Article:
Mao Tse-Tung: Emperor of the Blue Ants

Mao Tse-Tung: Emperor of the Blue Ants

Mao Tse-Tung: Emperor of the Blue Ants

Mao Tse-Tung: Emperor of the Blue Ants

Excerpt

"Western people used to say that China has 'masses' but no 'society and that since Chinese 'society' is more than two thousand years old, it is a type of society which does not meet modem needs. Facing the matter honestly, this is not untrue. Consider our evil and inferior customs which are dead rules for dead things cruel and contrary to human nature! There is no path left for human expression. We human beings are like dogs and sheep, not conscious whether we are living or dead. . . .

"Real learning gives one individuality and independence. The Renaissance and Reformation in the Western world show how scholars there declared their independence of tradition. . . . Through this magazine we desire to co-operate with students . . . throughout the country to fight for spiritual emancipation. Our hope is . . . that they will have personality enough to conquer our society rather than to be conquered by it."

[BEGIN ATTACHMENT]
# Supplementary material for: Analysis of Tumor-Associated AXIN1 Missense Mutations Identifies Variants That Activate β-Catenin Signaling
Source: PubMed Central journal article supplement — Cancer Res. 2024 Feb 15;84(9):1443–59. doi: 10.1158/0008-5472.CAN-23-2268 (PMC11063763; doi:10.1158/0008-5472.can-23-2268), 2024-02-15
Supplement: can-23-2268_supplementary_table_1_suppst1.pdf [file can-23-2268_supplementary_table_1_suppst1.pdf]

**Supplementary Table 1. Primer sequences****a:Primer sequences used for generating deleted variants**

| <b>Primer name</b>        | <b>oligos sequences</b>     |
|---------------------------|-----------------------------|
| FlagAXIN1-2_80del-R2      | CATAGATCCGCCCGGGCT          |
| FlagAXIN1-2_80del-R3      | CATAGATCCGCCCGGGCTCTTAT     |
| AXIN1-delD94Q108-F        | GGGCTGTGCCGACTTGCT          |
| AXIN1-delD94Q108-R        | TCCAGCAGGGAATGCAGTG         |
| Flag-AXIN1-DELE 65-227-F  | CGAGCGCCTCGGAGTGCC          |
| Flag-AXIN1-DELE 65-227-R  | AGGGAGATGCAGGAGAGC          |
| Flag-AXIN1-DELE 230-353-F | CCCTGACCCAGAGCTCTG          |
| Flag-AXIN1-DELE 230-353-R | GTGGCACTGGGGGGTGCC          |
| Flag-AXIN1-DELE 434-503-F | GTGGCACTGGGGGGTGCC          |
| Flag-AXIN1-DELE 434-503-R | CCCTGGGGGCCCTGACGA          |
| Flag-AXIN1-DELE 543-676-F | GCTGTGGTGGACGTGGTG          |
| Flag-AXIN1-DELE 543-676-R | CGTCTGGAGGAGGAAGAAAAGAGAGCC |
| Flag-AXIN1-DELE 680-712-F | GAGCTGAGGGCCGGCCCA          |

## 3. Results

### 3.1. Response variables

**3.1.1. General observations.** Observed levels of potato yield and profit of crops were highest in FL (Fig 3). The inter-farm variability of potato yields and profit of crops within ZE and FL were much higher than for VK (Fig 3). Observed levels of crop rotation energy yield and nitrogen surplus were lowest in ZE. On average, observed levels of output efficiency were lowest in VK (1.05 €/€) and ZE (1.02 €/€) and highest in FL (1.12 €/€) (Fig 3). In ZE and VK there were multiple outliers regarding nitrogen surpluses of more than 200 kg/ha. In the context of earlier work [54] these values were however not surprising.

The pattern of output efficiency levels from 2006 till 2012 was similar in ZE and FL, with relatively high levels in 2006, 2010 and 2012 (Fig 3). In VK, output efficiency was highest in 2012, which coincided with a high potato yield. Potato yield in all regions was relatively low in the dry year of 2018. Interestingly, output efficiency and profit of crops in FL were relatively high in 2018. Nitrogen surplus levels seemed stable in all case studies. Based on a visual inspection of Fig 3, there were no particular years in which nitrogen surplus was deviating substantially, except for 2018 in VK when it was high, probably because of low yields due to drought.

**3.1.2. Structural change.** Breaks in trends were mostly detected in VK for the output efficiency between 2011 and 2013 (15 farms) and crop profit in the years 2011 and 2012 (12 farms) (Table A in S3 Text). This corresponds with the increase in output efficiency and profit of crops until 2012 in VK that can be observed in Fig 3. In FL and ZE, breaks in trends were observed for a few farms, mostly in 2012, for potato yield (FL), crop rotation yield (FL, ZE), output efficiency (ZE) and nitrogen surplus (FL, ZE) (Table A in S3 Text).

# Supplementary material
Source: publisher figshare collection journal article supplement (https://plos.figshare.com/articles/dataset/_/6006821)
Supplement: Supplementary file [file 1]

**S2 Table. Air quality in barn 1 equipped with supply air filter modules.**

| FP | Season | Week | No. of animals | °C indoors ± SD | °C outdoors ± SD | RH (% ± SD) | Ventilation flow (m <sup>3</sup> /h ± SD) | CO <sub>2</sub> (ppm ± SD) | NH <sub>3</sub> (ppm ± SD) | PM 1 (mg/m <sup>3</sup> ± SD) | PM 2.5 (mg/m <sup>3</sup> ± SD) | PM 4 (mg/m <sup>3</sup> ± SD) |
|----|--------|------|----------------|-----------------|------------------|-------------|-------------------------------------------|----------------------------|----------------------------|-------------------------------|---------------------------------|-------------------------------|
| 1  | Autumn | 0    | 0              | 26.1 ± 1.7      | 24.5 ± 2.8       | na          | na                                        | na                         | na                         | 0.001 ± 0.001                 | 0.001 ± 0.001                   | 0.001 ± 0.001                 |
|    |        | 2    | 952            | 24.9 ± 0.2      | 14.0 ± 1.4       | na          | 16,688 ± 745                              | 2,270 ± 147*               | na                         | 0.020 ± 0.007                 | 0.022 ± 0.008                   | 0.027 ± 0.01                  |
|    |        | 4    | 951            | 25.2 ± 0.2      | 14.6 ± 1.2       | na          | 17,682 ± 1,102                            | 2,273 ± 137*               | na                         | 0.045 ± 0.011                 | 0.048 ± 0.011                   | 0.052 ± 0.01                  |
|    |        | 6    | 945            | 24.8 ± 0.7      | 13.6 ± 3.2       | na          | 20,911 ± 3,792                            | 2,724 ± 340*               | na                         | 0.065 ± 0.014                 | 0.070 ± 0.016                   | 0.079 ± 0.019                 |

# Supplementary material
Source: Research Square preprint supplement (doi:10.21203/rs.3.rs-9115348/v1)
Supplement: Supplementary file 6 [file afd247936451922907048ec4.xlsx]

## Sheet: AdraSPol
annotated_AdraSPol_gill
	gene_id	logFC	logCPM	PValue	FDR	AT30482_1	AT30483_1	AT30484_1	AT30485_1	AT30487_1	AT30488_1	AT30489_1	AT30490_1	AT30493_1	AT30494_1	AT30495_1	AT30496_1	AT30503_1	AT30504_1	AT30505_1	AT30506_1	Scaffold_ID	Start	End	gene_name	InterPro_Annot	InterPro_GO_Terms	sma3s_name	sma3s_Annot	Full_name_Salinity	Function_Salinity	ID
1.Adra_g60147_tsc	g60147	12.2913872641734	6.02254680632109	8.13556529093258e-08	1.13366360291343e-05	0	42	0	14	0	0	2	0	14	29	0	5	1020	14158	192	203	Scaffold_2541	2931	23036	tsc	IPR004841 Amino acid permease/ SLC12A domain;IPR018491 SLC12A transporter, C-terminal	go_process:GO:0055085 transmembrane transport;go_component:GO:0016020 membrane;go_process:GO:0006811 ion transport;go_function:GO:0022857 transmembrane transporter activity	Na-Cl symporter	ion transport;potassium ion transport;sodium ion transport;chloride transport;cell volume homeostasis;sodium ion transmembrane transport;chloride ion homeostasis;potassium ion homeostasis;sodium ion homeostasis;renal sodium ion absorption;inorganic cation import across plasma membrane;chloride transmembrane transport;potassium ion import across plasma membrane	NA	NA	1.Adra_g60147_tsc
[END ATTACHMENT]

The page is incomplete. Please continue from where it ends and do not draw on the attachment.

(New Tide , Peking, January 1, 1919, quoted by Chow Tse-tsung, op. cit., pp. 59-60.)

The nine Hunanese students who travelled with Mao from Changsha to Peking in the summer of 1918, were full of excitement and enthusiasm. They were all bound for France under the work-and- study scheme. After learning a smattering of French they would go by steerage to France where they would earn their keep and school fees by working in factories, as dishwashers or anything. They would join the thousands of Chinese students who were already in France through similar schemes, and they would have an opportunity of organising the tens of thousands of Chinese labourers who had been sent to France as China's contribution to the war-effort of the Western powers.

But Mao who had helped to organise the France-bound work- and-study group was staying behind. He had borrowed enough money for his railway fare to Peking, but in the capital he had to look for work at once. He could not raise enough money to pay for his steerage passage to Europe. From his unsuccessful attempts at learning English, he knew that he was not a good linguist. So he . . .

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